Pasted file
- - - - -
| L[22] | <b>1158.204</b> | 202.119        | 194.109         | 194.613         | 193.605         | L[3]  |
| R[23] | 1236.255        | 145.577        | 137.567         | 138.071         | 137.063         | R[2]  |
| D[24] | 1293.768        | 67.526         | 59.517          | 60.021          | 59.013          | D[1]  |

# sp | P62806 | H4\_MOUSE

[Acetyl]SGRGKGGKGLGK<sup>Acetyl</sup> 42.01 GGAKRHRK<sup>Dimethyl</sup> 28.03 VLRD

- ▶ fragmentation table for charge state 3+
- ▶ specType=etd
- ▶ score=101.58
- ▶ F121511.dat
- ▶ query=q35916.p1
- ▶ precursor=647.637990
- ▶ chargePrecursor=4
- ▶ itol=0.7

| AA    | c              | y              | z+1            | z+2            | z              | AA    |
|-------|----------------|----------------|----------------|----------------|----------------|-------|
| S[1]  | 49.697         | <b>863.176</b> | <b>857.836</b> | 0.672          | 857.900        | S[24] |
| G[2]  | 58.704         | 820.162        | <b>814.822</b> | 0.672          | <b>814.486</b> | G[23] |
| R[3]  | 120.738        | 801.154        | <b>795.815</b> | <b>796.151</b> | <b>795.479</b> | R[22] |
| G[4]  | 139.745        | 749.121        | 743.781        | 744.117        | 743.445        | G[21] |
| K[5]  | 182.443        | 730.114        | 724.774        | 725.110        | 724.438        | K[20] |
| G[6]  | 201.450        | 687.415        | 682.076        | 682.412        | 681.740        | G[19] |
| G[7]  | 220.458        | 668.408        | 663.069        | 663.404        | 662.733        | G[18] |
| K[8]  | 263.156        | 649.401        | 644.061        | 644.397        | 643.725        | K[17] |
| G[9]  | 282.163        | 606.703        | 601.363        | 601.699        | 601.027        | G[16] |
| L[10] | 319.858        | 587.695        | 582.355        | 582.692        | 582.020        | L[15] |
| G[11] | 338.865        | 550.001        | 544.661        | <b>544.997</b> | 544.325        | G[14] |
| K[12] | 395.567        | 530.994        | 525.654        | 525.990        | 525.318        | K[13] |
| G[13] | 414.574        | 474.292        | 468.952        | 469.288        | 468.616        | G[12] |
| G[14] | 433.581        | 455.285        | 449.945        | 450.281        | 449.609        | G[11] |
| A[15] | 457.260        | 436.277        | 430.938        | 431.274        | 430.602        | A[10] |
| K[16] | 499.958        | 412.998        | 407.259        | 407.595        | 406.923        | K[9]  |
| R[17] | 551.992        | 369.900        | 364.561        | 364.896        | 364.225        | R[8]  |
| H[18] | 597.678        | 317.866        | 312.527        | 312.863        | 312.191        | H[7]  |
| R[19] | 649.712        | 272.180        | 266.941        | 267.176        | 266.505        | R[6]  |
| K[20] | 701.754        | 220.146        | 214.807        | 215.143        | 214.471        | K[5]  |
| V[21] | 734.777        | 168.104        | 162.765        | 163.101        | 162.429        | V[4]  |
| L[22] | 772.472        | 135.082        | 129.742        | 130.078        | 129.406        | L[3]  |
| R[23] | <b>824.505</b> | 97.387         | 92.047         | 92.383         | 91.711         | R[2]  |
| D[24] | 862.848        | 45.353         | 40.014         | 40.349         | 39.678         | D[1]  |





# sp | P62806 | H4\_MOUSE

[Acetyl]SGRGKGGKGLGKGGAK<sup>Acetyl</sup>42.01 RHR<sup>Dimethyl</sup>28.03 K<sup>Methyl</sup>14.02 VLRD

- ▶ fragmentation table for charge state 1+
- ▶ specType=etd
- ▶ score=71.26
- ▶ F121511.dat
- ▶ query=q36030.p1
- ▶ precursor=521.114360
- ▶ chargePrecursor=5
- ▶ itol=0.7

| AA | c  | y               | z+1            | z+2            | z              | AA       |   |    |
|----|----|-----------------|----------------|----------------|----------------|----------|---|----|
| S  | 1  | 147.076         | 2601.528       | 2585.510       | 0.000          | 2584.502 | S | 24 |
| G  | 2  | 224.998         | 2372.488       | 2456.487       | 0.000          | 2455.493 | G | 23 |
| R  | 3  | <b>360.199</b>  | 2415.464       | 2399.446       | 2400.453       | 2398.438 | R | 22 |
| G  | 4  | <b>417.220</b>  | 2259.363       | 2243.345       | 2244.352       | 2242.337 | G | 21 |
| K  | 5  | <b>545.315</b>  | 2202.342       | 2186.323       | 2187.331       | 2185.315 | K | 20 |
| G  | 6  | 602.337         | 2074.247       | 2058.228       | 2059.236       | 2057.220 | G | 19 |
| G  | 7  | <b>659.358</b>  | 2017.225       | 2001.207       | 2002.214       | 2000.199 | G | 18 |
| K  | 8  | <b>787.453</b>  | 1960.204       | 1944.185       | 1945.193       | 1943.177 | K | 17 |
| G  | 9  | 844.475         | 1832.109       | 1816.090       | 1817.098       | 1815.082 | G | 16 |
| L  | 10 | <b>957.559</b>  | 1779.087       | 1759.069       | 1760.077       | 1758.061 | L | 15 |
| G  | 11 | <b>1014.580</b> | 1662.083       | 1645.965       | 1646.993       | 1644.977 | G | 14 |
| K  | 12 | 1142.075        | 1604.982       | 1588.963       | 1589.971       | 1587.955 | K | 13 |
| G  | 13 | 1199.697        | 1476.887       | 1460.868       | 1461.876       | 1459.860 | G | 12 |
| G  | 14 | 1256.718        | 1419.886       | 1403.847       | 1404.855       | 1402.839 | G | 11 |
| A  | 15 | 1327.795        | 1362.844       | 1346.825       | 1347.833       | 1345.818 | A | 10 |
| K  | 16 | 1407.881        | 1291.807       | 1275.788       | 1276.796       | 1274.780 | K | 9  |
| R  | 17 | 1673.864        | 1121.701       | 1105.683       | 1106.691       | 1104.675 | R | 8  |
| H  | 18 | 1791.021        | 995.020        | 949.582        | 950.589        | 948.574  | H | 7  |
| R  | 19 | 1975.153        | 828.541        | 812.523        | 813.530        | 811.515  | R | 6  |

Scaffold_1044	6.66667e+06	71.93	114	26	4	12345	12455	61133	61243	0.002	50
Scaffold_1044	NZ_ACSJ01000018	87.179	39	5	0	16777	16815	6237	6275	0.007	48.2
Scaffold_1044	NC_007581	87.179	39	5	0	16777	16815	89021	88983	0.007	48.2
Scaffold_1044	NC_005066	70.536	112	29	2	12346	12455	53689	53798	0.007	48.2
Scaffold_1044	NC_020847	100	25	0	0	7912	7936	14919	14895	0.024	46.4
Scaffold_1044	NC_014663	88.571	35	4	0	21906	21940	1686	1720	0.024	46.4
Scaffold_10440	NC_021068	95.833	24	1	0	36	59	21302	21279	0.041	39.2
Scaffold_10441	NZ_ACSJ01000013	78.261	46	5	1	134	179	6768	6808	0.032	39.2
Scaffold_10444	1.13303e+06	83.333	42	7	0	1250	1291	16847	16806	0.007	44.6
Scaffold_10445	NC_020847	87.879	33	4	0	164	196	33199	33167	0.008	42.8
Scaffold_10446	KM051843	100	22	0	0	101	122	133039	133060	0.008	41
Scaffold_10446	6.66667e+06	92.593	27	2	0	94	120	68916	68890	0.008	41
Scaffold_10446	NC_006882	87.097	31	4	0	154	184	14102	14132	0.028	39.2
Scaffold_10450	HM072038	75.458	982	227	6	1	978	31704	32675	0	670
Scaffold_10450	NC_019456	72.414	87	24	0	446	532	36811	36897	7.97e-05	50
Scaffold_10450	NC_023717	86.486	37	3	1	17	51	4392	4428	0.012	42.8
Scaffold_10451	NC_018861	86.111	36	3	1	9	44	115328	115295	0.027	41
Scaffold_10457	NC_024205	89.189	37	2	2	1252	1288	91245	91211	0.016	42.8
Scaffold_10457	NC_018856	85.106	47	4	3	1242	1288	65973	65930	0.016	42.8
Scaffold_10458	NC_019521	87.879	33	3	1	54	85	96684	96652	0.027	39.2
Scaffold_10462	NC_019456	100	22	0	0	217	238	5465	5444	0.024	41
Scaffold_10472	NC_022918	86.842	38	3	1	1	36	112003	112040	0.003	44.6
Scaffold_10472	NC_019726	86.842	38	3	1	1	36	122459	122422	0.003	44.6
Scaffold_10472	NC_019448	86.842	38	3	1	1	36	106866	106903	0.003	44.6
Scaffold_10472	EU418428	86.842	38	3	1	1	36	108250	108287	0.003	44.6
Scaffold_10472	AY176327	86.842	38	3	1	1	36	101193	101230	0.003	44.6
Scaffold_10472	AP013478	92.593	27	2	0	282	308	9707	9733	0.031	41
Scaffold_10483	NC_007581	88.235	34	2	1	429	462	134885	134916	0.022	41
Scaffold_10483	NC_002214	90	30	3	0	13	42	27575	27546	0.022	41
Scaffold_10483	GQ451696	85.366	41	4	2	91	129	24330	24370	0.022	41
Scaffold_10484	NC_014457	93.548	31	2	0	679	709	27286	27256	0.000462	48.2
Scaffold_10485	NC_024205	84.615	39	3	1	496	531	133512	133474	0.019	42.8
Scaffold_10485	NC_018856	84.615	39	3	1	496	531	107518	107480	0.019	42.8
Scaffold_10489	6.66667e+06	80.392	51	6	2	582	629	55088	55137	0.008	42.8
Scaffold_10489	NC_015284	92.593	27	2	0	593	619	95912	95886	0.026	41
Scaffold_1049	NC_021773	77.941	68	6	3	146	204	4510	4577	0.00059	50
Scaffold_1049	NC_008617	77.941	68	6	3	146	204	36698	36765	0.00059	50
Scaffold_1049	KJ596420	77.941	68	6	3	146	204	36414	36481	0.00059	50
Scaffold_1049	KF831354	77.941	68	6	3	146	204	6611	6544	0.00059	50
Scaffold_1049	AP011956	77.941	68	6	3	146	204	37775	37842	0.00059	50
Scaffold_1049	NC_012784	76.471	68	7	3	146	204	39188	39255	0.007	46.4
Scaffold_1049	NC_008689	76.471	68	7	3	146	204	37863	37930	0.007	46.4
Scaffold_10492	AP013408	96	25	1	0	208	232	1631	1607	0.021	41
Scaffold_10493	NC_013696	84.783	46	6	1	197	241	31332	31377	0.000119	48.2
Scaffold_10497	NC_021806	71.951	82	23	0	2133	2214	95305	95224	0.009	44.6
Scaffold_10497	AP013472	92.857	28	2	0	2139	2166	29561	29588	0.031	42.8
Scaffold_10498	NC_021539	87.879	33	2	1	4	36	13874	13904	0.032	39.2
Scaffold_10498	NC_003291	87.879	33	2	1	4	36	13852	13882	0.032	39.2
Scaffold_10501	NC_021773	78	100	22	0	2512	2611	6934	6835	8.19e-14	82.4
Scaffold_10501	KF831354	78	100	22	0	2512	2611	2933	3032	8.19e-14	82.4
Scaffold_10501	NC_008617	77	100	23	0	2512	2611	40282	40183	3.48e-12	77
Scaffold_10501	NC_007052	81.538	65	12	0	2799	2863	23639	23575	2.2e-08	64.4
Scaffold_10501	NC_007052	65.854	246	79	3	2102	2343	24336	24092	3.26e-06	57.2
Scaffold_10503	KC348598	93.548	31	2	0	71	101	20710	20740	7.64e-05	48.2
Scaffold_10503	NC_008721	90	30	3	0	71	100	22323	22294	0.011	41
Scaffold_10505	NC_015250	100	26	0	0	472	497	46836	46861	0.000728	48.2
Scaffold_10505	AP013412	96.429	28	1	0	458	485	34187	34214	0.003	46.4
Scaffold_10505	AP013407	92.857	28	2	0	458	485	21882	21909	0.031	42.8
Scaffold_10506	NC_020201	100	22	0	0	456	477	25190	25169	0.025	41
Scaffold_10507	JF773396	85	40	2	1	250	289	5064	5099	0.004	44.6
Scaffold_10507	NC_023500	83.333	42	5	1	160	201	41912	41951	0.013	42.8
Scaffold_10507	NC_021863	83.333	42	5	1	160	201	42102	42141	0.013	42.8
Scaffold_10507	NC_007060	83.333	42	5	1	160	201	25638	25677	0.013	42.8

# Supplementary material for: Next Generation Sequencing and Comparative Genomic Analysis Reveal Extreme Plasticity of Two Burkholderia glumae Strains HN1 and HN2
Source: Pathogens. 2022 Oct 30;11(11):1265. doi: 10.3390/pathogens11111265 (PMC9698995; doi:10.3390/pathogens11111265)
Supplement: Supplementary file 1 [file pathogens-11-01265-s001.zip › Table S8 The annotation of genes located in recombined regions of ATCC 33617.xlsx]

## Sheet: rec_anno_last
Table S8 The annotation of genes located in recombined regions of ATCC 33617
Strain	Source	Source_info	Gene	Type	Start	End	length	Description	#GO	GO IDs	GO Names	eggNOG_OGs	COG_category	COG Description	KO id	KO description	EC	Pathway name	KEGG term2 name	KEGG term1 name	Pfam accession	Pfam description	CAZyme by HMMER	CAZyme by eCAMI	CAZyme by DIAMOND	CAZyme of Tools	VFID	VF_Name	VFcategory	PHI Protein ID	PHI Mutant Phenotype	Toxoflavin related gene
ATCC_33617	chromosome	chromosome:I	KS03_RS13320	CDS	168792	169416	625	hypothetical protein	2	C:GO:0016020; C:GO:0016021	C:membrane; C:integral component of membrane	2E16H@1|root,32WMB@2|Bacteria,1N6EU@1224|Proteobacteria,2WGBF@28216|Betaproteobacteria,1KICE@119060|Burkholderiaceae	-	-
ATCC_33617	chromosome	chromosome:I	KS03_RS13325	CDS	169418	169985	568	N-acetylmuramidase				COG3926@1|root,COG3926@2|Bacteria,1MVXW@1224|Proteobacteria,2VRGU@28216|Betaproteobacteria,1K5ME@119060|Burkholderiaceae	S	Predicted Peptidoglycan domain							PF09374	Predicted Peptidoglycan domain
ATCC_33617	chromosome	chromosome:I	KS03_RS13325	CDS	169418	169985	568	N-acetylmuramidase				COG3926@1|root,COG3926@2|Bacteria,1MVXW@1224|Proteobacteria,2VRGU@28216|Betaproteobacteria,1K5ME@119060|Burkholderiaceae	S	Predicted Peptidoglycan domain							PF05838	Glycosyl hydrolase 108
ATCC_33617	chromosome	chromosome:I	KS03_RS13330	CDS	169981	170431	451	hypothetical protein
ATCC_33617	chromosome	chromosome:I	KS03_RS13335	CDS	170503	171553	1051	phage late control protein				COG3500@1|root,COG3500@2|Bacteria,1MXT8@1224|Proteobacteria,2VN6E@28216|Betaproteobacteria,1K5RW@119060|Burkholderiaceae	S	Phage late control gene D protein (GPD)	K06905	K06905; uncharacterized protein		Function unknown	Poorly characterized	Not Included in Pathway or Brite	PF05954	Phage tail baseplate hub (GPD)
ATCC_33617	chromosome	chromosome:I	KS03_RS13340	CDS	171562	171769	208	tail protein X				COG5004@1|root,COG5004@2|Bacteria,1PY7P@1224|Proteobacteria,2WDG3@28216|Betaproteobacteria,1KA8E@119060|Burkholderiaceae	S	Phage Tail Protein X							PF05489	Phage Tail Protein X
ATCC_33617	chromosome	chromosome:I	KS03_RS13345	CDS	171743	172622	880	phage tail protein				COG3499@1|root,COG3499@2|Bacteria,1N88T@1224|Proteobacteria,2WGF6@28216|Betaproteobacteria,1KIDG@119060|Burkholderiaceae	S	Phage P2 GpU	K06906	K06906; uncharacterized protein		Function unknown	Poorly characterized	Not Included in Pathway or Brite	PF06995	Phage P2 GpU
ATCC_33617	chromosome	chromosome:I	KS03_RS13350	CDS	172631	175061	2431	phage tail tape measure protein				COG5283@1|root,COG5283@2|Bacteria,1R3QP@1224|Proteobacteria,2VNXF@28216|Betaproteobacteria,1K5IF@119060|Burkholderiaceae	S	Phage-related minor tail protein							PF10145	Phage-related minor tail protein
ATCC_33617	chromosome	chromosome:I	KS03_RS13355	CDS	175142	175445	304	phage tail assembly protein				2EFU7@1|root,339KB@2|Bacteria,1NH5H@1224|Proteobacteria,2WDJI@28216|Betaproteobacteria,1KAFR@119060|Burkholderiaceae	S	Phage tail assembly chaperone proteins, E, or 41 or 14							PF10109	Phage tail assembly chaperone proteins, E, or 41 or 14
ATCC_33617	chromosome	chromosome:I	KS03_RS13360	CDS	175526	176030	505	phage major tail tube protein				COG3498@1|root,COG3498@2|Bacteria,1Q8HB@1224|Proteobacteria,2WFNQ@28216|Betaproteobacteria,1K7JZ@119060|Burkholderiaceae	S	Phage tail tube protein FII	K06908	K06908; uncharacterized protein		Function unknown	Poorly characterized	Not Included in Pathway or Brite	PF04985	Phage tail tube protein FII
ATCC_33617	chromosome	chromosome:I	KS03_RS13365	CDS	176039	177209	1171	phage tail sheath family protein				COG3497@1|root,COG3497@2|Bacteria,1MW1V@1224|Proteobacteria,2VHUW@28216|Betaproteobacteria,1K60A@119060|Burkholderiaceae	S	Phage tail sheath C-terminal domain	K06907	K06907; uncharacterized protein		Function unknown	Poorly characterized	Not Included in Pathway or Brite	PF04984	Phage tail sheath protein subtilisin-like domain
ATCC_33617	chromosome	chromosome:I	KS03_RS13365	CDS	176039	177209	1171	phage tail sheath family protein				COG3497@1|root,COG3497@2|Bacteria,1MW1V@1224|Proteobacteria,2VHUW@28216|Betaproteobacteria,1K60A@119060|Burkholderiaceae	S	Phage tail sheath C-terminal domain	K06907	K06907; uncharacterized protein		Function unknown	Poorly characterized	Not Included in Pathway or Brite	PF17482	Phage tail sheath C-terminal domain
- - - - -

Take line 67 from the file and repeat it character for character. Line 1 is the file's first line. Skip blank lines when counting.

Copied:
| K  | 16 | 1407.881        | 1291.807       | 1275.788       | 1276.796       | 1274.780 | K | 9  |